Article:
The man behind a controversial gravel pit project says an appeal board’s decision to reject the project was based on “speculation and emotion.”
Wendell Miller, of 6M Holdings Ltd., points out that Red Deer County planning staff have repeatedly recommended approval of his gravel pit plans near Markerville.
However, the municipal planning commission (which is comprised of members of council) and a public citizen-comprised subdivision and development appeal board have both ruled against incarnations of the gravel pit proposal twice each.
The retired farmer believes the planning commission and appeal board focused too much on environmental issues. He argues those concerns would have been dealt with by provincial and federal departments prior to the project going ahead.
“I don’t understand why the commission and the board are dealing with environmental issues when they are not qualified to do so,” says Miller in a letter he provided the Red Deer Advocate this week.
“From what I understood, they are to pay attention to (environmental issues) and pass their concerns on to Environment, but not rule on them,” he elaborated in an interview.
Miller has been trying to get a gravel pit approved on land he owns next to the Medicine River, a few kilometres south of Markerville, since 2010.
A 126-acre gravel pit was turned down by the planning commission in September 2010, a decision upheld by an appeal board four months later.
Miller scaled back the project significantly to 28 acres, while reducing operating hours, the pit’s life span and truck traffic. The commission turned it down in June and the appeal board upheld that in a decision released on Monday.
Nancy Lougheed, county legislative services manager, said the planning commission and appeal board are well within their responsibilities to review environmental issues as they relate to the county’s various plans and bylaws.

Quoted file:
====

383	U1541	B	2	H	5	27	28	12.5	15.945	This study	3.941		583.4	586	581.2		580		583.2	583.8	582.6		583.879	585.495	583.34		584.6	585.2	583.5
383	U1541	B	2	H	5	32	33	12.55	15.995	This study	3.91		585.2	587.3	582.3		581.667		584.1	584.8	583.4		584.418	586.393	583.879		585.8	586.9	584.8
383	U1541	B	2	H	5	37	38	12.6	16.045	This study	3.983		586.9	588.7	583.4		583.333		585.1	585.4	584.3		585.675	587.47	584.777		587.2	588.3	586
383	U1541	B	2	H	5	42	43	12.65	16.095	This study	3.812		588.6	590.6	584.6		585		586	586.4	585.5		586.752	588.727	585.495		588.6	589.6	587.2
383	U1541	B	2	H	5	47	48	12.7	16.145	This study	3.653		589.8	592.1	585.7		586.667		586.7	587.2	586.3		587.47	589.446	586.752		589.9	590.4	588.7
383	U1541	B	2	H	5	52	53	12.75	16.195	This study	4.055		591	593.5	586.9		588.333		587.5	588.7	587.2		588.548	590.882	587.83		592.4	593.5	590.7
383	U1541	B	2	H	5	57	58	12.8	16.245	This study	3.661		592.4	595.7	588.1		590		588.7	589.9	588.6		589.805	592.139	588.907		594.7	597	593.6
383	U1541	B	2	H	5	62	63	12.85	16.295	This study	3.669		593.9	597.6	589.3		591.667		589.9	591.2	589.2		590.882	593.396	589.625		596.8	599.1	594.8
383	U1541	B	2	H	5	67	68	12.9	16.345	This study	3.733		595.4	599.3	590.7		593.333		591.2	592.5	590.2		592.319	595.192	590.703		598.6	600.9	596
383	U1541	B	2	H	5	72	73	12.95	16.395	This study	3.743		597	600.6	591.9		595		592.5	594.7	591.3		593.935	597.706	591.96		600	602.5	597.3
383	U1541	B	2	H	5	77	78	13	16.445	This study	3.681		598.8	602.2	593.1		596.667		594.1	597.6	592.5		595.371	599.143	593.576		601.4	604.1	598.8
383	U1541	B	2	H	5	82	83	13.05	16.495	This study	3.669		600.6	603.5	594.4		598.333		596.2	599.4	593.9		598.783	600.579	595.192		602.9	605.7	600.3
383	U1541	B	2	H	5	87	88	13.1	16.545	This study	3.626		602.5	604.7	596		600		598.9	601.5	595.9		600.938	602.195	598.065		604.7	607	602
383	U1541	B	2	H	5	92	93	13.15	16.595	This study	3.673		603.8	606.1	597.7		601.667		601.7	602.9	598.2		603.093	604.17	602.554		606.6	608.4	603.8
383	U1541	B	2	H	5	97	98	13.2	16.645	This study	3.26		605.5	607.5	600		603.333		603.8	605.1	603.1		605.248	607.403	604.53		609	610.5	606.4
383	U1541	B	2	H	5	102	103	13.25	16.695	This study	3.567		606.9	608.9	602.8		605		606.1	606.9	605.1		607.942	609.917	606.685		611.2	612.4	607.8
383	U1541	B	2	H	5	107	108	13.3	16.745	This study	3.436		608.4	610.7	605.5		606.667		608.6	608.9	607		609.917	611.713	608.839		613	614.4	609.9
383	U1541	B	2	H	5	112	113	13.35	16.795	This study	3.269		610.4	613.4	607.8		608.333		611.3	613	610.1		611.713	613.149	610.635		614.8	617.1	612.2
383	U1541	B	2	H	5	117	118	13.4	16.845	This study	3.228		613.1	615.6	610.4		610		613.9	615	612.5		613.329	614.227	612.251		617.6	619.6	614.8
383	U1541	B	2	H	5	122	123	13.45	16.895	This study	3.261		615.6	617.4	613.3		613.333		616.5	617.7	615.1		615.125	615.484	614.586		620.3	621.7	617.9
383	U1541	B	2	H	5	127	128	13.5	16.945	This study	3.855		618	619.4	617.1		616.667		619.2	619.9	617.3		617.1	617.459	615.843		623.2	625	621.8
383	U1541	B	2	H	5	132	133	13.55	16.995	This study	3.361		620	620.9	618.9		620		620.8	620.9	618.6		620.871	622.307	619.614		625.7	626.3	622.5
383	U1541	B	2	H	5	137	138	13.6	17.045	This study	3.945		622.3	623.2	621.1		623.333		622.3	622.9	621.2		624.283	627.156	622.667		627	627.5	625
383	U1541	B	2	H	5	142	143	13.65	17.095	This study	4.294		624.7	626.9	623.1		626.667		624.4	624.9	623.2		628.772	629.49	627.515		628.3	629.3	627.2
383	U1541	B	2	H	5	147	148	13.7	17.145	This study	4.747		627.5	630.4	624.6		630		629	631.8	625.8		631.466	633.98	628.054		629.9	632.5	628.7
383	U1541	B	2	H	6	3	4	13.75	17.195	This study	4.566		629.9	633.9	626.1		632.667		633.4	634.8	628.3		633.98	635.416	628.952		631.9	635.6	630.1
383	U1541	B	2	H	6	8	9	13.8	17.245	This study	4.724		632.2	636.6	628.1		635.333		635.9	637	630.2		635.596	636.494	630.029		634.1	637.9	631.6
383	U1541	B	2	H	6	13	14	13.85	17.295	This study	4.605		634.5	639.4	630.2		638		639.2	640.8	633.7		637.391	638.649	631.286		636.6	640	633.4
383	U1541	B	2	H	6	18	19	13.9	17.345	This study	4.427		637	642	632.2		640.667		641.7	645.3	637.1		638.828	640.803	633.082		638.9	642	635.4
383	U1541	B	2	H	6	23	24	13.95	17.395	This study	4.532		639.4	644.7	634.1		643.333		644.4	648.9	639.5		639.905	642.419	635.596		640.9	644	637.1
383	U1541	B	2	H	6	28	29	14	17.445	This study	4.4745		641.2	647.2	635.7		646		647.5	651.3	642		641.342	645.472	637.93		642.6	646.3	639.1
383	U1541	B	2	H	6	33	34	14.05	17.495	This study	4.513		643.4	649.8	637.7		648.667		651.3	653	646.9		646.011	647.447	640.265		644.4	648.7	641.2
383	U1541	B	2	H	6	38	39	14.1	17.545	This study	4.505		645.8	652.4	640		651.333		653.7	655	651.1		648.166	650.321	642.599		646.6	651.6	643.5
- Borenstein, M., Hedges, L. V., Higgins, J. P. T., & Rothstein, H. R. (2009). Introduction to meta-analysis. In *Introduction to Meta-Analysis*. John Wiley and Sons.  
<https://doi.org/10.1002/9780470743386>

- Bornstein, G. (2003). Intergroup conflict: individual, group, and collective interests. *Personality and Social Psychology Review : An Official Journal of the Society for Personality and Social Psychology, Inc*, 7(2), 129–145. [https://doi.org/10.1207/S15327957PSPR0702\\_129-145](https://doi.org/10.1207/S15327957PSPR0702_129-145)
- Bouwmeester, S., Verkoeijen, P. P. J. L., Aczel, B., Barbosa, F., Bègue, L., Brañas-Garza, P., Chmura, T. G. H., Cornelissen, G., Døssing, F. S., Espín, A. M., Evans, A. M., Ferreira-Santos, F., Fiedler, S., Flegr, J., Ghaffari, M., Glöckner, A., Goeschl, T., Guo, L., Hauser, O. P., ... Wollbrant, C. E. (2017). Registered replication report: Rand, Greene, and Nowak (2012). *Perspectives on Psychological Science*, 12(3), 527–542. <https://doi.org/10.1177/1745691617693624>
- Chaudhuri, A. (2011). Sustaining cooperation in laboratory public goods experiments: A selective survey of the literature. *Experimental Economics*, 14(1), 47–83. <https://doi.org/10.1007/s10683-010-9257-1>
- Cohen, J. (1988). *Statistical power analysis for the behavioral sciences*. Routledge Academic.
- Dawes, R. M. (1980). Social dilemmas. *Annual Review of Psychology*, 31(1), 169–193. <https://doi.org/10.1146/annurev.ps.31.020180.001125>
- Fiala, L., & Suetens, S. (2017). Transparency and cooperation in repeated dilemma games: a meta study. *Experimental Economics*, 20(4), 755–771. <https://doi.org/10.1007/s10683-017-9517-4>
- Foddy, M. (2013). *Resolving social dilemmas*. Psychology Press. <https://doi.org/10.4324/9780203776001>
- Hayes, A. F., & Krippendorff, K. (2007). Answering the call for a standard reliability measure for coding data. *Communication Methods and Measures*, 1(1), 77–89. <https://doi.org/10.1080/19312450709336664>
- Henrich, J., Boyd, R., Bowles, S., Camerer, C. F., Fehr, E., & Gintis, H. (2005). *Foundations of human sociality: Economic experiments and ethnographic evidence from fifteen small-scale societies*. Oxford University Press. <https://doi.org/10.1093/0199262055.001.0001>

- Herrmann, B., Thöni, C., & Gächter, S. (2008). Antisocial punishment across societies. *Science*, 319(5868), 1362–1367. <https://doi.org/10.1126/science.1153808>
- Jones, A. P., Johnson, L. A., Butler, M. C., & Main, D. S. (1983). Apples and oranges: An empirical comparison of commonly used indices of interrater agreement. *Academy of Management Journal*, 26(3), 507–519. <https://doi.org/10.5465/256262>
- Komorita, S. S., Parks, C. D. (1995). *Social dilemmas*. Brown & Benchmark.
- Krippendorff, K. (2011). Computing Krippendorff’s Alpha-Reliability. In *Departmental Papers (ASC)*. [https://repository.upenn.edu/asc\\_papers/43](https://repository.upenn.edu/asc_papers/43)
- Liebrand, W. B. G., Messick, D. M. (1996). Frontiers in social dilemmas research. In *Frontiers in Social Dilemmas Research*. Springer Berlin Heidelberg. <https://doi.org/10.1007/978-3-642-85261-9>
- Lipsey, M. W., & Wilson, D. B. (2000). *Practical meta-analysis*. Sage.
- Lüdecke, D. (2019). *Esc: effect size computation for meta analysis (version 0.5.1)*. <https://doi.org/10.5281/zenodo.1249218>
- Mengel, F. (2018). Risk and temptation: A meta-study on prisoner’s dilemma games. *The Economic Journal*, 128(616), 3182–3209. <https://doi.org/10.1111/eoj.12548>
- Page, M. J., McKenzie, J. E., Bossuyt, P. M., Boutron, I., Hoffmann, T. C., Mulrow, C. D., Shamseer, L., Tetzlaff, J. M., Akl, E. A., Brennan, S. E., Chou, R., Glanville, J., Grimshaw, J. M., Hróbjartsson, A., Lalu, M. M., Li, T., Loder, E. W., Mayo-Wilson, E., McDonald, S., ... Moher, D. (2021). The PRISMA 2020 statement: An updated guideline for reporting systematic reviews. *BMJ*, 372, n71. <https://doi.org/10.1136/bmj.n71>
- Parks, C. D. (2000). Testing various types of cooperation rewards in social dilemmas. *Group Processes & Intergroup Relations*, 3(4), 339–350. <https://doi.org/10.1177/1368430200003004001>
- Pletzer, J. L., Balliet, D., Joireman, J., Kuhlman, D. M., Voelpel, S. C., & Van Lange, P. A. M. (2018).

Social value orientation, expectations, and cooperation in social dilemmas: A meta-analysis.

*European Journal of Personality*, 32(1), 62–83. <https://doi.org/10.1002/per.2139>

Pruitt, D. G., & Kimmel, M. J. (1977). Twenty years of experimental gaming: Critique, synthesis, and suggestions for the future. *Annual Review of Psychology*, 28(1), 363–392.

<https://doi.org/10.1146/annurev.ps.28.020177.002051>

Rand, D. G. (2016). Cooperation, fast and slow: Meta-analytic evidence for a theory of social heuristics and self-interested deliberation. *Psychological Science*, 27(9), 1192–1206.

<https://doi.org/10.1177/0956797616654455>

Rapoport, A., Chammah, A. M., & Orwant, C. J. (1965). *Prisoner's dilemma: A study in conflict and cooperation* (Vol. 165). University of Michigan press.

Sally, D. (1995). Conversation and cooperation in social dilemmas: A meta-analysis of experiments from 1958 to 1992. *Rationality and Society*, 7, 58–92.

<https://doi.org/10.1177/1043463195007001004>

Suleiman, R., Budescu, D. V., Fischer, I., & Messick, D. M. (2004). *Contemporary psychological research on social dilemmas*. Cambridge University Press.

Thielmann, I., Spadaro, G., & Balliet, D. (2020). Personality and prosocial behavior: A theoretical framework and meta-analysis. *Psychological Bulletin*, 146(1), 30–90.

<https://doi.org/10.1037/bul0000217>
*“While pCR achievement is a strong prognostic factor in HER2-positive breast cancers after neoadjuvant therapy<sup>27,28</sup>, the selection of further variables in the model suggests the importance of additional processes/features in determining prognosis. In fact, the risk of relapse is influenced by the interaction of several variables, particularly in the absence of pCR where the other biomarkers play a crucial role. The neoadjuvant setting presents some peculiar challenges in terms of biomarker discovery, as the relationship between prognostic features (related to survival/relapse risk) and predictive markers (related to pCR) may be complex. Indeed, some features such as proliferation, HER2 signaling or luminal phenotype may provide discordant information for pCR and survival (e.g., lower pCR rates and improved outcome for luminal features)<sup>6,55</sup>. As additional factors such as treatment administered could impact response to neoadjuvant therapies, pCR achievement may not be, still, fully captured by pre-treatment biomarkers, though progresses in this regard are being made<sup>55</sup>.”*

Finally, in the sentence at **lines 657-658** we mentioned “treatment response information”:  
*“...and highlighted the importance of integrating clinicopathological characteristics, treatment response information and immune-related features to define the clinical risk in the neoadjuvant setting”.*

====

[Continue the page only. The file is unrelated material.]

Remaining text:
“From a planning perspective, yes, they can look at those environmental issues.”
For instance, the Municipal Development Plan, the county’s key planning document, says that Environmentally Significant Areas — the gravel pit application fell within one of those areas — must be protected from “inappropriate development.”
What is inappropriate can be decided by the planning commission and appeal board.
More technical issues, such as specifics about fish habitat impacts, would usually be left to other levels of governments and their experts.
In recommending approval, county planners mostly use the measure of whether the proposed development is allowable under existing plans, policies or bylaws.
For Miller, the process has been frustrating. Opponents of his project claim the gravel pit site floods frequently. Miller said he has owned the property for 10 years and it flooded once, from Dickson Creek, not Medicine River.
A road he has built since would have acted as a berm if flooding from the river did occur, he said.
Noise and dust were cited as concerns by residents, but the nearest live 580 metres away with brush and trees between the property and the proposed gravel pit. All other properties are more than 800 metres away.
Miller believes residents in the area, including a cattle owner and recreational boat users, create more environmental damage and nuisance than a gravel pit. In his view, the project fell victim to the efforts of a vocal group of landowners.
“I cannot believe that a small group could have so much power as to be able to stop me from using my land in a way that was not going to bother any of them and was not going to harm the environment,” he concludes in his letter.